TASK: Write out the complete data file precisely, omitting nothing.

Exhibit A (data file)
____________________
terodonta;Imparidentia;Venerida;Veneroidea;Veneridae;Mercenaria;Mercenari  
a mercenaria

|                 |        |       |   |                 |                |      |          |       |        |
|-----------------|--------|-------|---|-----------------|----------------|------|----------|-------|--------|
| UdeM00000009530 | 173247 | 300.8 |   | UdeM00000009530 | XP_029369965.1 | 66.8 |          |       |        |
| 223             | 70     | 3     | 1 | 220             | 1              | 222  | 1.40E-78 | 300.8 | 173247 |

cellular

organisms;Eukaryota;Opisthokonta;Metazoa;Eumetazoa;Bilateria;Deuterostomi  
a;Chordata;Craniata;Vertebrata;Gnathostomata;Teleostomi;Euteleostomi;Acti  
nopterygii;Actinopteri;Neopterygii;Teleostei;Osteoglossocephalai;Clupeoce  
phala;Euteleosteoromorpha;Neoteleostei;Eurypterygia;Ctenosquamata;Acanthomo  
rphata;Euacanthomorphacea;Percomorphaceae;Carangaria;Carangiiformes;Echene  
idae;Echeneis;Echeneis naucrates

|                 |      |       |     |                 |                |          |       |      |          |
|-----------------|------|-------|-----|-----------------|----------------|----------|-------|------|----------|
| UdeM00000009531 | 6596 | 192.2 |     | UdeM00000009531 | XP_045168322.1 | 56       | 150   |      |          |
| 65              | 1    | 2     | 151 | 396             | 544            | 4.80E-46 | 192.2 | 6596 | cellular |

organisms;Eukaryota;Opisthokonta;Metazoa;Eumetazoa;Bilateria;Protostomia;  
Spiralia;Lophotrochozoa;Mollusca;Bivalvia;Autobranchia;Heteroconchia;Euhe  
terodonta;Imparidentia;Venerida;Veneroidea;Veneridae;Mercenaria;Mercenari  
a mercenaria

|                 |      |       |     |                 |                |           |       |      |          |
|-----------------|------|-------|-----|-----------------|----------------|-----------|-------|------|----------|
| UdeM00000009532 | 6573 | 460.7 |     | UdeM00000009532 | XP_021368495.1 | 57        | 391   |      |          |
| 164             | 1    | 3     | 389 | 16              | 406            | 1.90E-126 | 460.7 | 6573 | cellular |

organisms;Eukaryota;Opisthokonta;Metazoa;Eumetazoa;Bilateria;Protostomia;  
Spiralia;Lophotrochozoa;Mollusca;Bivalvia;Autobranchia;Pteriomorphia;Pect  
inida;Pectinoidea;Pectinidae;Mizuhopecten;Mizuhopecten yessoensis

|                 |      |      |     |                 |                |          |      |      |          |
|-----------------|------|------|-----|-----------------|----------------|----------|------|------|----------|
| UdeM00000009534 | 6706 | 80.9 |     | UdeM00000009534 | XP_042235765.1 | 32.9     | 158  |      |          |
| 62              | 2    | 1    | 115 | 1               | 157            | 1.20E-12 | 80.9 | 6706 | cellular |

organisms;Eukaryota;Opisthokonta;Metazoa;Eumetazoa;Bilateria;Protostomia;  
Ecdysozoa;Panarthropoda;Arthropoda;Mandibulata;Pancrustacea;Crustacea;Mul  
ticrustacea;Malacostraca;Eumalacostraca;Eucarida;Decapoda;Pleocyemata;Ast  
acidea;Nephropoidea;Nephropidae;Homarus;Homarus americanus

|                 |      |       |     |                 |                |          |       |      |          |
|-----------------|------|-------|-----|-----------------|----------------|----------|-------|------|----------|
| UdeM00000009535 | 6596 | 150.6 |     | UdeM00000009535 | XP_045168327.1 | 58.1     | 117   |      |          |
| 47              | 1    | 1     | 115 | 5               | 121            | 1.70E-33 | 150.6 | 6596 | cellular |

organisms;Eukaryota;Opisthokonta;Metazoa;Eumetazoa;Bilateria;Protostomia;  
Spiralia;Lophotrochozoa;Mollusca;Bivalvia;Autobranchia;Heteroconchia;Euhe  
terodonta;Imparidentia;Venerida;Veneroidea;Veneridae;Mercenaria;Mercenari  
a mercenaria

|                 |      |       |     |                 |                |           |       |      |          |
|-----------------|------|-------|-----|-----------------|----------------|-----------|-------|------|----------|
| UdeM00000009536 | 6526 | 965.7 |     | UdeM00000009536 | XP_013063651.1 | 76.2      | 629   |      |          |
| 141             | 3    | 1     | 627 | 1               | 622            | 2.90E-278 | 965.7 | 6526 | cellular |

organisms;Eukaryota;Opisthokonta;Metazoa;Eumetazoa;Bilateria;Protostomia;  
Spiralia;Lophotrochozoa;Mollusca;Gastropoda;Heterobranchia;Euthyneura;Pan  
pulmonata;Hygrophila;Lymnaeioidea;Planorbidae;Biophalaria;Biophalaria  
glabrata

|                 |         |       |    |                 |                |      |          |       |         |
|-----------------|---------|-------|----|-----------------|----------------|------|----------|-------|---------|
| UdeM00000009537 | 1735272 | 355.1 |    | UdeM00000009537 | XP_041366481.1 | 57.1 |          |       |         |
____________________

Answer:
terodonta;Imparidentia;Venerida;Veneroidea;Veneridae;Mercenaria;Mercenari  
a mercenaria

|                 |        |       |   |                 |                |      |          |       |        |
|-----------------|--------|-------|---|-----------------|----------------|------|----------|-------|--------|
| UdeM00000009530 | 173247 | 300.8 |   | UdeM00000009530 | XP_029369965.1 | 66.8 |          |       |        |
| 223             | 70     | 3     | 1 | 220             | 1              | 222  | 1.40E-78 | 300.8 | 173247 |

cellular

organisms;Eukaryota;Opisthokonta;Metazoa;Eumetazoa;Bilateria;Deuterostomi  
a;Chordata;Craniata;Vertebrata;Gnathostomata;Teleostomi;Euteleostomi;Acti  
nopterygii;Actinopteri;Neopterygii;Teleostei;Osteoglossocephalai;Clupeoce  
phala;Euteleosteoromorpha;Neoteleostei;Eurypterygia;Ctenosquamata;Acanthomo  
rphata;Euacanthomorphacea;Percomorphaceae;Carangaria;Carangiiformes;Echene  
idae;Echeneis;Echeneis naucrates

|                 |      |       |     |                 |                |          |       |      |          |
|-----------------|------|-------|-----|-----------------|----------------|----------|-------|------|----------|
| UdeM00000009531 | 6596 | 192.2 |     | UdeM00000009531 | XP_045168322.1 | 56       | 150   |      |          |
| 65              | 1    | 2     | 151 | 396             | 544            | 4.80E-46 | 192.2 | 6596 | cellular |

organisms;Eukaryota;Opisthokonta;Metazoa;Eumetazoa;Bilateria;Protostomia;  
Spiralia;Lophotrochozoa;Mollusca;Bivalvia;Autobranchia;Heteroconchia;Euhe  
terodonta;Imparidentia;Venerida;Veneroidea;Veneridae;Mercenaria;Mercenari  
a mercenaria

|                 |      |       |     |                 |                |           |       |      |          |
|-----------------|------|-------|-----|-----------------|----------------|-----------|-------|------|----------|
| UdeM00000009532 | 6573 | 460.7 |     | UdeM00000009532 | XP_021368495.1 | 57        | 391   |      |          |
| 164             | 1    | 3     | 389 | 16              | 406            | 1.90E-126 | 460.7 | 6573 | cellular |

organisms;Eukaryota;Opisthokonta;Metazoa;Eumetazoa;Bilateria;Protostomia;  
Spiralia;Lophotrochozoa;Mollusca;Bivalvia;Autobranchia;Pteriomorphia;Pect  
inida;Pectinoidea;Pectinidae;Mizuhopecten;Mizuhopecten yessoensis

|                 |      |      |     |                 |                |          |      |      |          |
|-----------------|------|------|-----|-----------------|----------------|----------|------|------|----------|
| UdeM00000009534 | 6706 | 80.9 |     | UdeM00000009534 | XP_042235765.1 | 32.9     | 158  |      |          |
| 62              | 2    | 1    | 115 | 1               | 157            | 1.20E-12 | 80.9 | 6706 | cellular |

organisms;Eukaryota;Opisthokonta;Metazoa;Eumetazoa;Bilateria;Protostomia;  
Ecdysozoa;Panarthropoda;Arthropoda;Mandibulata;Pancrustacea;Crustacea;Mul  
ticrustacea;Malacostraca;Eumalacostraca;Eucarida;Decapoda;Pleocyemata;Ast  
acidea;Nephropoidea;Nephropidae;Homarus;Homarus americanus

|                 |      |       |     |                 |                |          |       |      |          |
|-----------------|------|-------|-----|-----------------|----------------|----------|-------|------|----------|
| UdeM00000009535 | 6596 | 150.6 |     | UdeM00000009535 | XP_045168327.1 | 58.1     | 117   |      |          |
| 47              | 1    | 1     | 115 | 5               | 121            | 1.70E-33 | 150.6 | 6596 | cellular |

organisms;Eukaryota;Opisthokonta;Metazoa;Eumetazoa;Bilateria;Protostomia;  
Spiralia;Lophotrochozoa;Mollusca;Bivalvia;Autobranchia;Heteroconchia;Euhe  
terodonta;Imparidentia;Venerida;Veneroidea;Veneridae;Mercenaria;Mercenari  
a mercenaria

|                 |      |       |     |                 |                |           |       |      |          |
|-----------------|------|-------|-----|-----------------|----------------|-----------|-------|------|----------|
| UdeM00000009536 | 6526 | 965.7 |     | UdeM00000009536 | XP_013063651.1 | 76.2      | 629   |      |          |
| 141             | 3    | 1     | 627 | 1               | 622            | 2.90E-278 | 965.7 | 6526 | cellular |

organisms;Eukaryota;Opisthokonta;Metazoa;Eumetazoa;Bilateria;Protostomia;  
Spiralia;Lophotrochozoa;Mollusca;Gastropoda;Heterobranchia;Euthyneura;Pan  
pulmonata;Hygrophila;Lymnaeioidea;Planorbidae;Biophalaria;Biophalaria  
glabrata

|                 |         |       |    |                 |                |      |          |       |         |
|-----------------|---------|-------|----|-----------------|----------------|------|----------|-------|---------|
| UdeM00000009537 | 1735272 | 355.1 |    | UdeM00000009537 | XP_041366481.1 | 57.1 |          |       |         |